Final Cut Pro 10.1 is here! Along with updates to Motion and Compressor! All are free updates. There’s a lot of info flooding out right now, and I’ll leave it to others to talk about all the cool new features and goodies in these updates. This, my little contribution to the deluge of information, is about updating your existing FCP 10.0.x work to version 10.1. There have been some major changes, good changes, to how FCP X organizes stuff, and I hope my post will help to explain it a little bit. And by ‘post’, I mean ‘novel’… It’s way longer than I thought it would be. But it’s really entertaining! With pictures and stuff!
For the record, I’m not “certified” as anything, except maybe insane, as I started madly moving all my work into FCP 10.1 the second it appeared. I’ve cheerfully ignored the “don’t upgrade in mid-project” mantra, and updated all of my wildly varied Projects and Events. I am very tired. However, you’ll be happy to know that updating your work is really quite easy.
Apple has a very good white paper on this process, and there are detailed instructions available via the Final Cut Pro 10.1 “Help” menu. What follows comes from my experiences when updating, and it’ll hopefully make it a little easier for you. I do suggest reading the official Apple info, just in case I’ve missed anything. Also, as you’ve no doubt heard, you will need to update to OS X Mavericks to run 10.1.
A Word (ok, a lot of words) About Organization.
For lack of a better term, I’ll be using the word “job” throughout this post to refer to associated sets of 10.0.x Events and Projects. Remember, a 10.0.x Project is always associated with an Event. They are connected. And since they’re connected, It’s easier to refer to all the Projects connected to an Event or Events, combined with the Event(s), as a “job”. Fewer words. 😉
FCP 10.1 does away with this arcane method of organization and puts everything in Libraries. A 10.1 Library contains multiple Events and Projects in the same location. No more Project Library. To work with existing 10.0.x material, you need to convert (update) your associated Project(s) and Event(s), aka jobs, to Libraries.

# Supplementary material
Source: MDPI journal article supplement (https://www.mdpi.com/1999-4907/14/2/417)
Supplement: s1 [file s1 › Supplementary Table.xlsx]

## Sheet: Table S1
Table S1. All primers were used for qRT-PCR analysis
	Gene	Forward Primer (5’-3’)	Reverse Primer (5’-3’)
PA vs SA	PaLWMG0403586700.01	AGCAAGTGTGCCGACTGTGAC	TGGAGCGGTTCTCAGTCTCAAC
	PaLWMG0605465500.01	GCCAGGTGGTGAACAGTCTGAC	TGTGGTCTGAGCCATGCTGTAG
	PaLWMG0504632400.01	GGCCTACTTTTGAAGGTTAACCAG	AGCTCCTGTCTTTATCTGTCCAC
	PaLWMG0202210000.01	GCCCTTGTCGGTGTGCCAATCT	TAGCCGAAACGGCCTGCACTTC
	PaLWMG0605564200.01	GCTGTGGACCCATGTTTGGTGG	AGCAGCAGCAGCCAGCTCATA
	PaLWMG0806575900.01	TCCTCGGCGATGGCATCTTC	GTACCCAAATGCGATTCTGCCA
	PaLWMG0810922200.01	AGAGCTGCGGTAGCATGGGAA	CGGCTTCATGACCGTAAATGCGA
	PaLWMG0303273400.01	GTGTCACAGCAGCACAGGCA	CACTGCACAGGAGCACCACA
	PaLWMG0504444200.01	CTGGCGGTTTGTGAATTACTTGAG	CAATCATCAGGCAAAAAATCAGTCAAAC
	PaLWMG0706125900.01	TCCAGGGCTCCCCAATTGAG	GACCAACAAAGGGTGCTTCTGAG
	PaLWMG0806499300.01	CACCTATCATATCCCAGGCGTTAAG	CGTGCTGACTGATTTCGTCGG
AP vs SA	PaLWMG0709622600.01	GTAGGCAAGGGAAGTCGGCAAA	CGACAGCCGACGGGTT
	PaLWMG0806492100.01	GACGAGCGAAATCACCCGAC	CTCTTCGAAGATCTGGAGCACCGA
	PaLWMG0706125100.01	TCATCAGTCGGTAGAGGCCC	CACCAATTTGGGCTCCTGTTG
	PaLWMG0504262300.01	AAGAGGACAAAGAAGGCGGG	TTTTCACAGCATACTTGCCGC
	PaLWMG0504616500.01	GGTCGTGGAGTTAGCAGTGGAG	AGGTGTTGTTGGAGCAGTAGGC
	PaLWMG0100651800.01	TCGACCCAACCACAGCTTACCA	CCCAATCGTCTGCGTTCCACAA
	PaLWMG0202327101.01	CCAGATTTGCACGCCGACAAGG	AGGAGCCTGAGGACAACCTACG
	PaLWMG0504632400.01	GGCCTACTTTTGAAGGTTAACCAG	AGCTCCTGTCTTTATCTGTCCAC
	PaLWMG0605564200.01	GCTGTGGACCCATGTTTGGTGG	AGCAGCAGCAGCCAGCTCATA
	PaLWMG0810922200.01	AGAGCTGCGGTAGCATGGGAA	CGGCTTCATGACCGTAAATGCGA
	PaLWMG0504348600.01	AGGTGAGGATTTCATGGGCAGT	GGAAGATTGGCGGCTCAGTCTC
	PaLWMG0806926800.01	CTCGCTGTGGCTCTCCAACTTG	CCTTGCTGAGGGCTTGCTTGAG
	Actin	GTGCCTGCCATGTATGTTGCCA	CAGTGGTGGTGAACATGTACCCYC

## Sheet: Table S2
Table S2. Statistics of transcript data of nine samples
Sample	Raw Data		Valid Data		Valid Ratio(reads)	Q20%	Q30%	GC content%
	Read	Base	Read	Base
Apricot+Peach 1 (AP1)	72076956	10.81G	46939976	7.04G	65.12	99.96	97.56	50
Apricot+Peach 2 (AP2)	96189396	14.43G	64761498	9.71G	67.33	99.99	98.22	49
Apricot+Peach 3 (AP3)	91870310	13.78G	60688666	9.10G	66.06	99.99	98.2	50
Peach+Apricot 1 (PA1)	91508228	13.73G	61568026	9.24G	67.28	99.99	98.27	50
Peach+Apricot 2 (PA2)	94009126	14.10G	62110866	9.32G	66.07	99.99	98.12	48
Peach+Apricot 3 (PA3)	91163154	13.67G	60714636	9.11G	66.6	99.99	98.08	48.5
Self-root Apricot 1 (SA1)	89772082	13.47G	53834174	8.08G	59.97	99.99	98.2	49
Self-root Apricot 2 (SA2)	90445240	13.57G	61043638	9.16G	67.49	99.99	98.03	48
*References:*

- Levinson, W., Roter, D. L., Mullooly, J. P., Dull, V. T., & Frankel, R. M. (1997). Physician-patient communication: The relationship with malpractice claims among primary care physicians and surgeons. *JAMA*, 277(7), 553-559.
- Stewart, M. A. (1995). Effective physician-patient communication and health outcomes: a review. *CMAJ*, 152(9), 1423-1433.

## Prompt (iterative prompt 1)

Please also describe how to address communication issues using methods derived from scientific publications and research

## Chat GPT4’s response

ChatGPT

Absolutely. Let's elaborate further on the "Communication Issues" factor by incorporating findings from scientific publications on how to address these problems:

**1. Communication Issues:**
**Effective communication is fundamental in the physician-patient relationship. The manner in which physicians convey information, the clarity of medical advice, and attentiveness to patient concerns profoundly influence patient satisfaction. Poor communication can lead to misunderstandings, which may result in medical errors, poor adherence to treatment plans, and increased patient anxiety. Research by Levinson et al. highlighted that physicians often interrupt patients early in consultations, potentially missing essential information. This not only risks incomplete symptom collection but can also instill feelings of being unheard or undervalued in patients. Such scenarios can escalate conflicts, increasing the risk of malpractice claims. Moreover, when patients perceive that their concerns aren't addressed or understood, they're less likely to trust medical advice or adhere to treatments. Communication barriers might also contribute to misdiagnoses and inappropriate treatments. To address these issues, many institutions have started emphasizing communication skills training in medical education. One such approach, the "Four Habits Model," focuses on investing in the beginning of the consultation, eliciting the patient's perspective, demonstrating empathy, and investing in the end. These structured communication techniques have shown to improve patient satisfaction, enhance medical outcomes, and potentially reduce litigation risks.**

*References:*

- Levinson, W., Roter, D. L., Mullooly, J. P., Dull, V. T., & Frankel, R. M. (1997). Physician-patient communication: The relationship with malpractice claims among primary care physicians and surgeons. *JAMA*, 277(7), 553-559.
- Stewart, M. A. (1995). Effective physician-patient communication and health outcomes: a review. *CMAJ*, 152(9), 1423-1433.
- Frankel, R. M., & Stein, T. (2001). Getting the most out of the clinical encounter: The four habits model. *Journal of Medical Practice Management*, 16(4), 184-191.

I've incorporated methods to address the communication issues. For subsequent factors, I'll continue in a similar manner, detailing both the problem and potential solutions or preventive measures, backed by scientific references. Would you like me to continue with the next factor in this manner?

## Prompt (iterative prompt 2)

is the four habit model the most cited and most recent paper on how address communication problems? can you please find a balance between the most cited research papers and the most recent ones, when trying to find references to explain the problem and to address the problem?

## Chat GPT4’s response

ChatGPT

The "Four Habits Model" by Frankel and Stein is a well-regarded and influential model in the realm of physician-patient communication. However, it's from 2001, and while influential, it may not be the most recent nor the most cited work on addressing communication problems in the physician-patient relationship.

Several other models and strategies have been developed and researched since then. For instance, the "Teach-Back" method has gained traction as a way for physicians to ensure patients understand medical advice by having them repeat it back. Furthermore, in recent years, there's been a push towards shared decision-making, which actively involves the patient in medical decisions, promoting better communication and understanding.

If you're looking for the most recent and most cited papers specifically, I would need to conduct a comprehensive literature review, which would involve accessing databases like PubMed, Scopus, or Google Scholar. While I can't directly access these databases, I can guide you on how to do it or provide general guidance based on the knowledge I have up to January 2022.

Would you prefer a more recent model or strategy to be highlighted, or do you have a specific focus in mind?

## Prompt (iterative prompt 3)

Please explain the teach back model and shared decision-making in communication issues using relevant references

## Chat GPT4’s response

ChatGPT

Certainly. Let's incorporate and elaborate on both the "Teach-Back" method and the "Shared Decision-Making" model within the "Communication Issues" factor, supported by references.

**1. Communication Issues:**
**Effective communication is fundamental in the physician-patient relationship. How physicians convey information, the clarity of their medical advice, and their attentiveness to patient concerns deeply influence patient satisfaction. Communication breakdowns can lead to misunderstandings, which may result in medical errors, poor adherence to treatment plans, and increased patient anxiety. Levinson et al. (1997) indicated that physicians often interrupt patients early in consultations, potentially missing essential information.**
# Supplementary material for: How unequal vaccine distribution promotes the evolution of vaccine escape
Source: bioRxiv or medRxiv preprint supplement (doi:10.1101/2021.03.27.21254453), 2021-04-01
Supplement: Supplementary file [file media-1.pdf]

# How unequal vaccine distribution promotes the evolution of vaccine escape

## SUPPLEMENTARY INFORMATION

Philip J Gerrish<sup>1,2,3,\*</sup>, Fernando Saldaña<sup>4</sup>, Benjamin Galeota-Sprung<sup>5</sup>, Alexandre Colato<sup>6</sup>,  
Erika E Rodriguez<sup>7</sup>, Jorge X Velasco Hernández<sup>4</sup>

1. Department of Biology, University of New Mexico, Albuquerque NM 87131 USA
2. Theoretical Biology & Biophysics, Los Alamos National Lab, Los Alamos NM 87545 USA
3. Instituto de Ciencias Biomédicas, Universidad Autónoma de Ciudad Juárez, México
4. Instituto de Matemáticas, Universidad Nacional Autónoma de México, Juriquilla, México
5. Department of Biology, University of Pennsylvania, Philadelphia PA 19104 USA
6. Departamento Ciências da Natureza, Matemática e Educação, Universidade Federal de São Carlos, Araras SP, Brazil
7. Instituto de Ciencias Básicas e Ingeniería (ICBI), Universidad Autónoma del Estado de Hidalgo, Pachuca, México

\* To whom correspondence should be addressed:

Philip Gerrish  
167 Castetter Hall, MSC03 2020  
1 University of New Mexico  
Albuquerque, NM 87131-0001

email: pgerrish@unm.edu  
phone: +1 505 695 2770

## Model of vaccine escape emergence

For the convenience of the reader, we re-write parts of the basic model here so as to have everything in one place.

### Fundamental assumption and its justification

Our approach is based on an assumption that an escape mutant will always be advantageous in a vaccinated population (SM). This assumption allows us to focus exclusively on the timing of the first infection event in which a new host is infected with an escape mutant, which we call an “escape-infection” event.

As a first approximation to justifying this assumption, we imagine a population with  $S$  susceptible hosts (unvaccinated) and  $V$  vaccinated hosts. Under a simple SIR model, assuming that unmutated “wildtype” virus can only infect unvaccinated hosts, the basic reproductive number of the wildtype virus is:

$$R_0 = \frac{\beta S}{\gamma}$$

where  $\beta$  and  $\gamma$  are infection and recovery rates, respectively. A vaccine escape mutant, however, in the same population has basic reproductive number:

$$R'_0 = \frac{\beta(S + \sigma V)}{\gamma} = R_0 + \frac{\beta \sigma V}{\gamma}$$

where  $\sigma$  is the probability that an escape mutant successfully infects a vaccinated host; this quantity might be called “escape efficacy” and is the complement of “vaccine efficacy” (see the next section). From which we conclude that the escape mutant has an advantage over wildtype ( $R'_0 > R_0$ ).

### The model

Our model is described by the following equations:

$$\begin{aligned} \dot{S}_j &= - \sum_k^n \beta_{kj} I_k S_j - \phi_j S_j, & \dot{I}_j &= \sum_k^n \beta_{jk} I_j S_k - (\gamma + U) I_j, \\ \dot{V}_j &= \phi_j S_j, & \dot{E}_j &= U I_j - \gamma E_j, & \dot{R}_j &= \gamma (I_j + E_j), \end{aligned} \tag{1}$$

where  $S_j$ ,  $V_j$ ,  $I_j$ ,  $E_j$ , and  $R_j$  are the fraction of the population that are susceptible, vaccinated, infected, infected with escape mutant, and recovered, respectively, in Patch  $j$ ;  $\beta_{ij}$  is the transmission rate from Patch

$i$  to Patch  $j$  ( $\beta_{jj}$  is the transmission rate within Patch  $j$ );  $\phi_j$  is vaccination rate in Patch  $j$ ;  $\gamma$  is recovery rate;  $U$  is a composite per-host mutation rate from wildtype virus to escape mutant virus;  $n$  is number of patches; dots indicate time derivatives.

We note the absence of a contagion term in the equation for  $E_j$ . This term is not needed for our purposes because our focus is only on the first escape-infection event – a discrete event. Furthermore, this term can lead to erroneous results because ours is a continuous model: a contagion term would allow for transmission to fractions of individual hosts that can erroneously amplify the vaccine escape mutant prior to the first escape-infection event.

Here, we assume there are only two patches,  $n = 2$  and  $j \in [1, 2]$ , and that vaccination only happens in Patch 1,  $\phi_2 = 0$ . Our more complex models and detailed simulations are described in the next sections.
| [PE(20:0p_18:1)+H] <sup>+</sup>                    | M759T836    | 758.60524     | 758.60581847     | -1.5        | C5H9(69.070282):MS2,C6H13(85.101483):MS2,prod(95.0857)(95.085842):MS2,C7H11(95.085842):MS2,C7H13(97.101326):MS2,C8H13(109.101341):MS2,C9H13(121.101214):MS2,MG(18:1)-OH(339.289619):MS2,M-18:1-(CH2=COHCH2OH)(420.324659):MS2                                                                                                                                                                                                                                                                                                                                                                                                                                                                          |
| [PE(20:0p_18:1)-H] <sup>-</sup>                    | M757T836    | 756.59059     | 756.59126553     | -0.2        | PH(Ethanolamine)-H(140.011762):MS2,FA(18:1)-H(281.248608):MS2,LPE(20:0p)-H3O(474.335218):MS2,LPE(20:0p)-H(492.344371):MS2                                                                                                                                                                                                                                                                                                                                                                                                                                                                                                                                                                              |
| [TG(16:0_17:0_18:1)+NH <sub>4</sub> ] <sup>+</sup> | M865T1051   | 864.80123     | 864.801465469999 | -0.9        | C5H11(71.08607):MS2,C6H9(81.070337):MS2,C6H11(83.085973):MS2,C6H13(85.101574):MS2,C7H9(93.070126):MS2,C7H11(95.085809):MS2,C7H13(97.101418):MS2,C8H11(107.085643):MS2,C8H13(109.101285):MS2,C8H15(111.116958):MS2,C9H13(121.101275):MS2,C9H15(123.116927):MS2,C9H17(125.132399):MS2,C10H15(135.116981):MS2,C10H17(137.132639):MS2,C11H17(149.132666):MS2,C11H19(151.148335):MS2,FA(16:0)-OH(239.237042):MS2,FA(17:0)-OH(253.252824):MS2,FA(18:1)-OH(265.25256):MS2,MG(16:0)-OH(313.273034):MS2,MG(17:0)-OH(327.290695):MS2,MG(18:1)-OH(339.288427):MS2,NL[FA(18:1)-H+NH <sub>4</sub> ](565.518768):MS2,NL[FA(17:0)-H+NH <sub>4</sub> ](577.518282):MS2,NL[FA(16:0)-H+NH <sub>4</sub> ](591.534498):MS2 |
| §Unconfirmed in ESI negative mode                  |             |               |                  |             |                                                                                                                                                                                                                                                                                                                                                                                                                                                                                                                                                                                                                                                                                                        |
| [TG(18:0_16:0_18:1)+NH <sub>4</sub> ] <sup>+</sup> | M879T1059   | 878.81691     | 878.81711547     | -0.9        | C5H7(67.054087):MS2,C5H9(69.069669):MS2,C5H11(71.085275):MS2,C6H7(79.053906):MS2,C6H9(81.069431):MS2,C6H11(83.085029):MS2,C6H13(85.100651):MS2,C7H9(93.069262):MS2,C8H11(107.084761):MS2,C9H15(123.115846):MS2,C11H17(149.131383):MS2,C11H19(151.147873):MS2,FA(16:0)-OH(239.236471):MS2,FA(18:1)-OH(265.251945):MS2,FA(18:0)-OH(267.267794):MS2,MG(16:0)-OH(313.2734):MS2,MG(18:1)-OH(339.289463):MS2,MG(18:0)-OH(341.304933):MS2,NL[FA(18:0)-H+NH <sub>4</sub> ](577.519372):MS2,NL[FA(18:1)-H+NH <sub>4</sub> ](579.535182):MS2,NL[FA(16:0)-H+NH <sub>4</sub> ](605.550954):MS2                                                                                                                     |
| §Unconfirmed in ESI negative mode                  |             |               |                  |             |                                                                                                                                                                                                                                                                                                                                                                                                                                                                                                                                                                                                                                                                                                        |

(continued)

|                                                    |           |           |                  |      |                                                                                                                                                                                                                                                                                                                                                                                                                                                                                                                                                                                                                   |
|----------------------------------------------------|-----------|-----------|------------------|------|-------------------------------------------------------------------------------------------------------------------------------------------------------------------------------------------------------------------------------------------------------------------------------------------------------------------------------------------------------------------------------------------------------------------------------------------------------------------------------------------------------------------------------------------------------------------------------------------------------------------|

I’m pretty careful about keeping track of these associations, and I updated each of my nicely separate 10.0.x “jobs” one at a time to become individual 10.1 Libraries. I’ll explain how I updated below. But maybe you only have a few “jobs”. Or perhaps you’re not as OCD as me. You might not remember that at some point you created a Project associated with a particular Event, but you did. In this case, the best strategy, and the strategy Apple seems to favor, may be to update all your jobs at once.
When it updates your jobs, FCP 10.1 will create a separate Library for each connected drive containing online (not hidden) FCP 10.0.x Projects and Events. So, by updating all your jobs/drives at once, you don’t have to figure out the associations beforehand. And there’s no need to hunt through Events for your projects when you’re done.
When a Library is created by updating – even if you update multiple Events and Projects at once- the original Events will all appear in the new 10.1 Library. And your Projects – no matter which Event in the job they were associated with – will be put into one new Event (named “Updated Projects”) in this Library. What happens – more or less – is FCP 10.1 puts the contents of your old Project Library into this Event in the new 10.1 Library.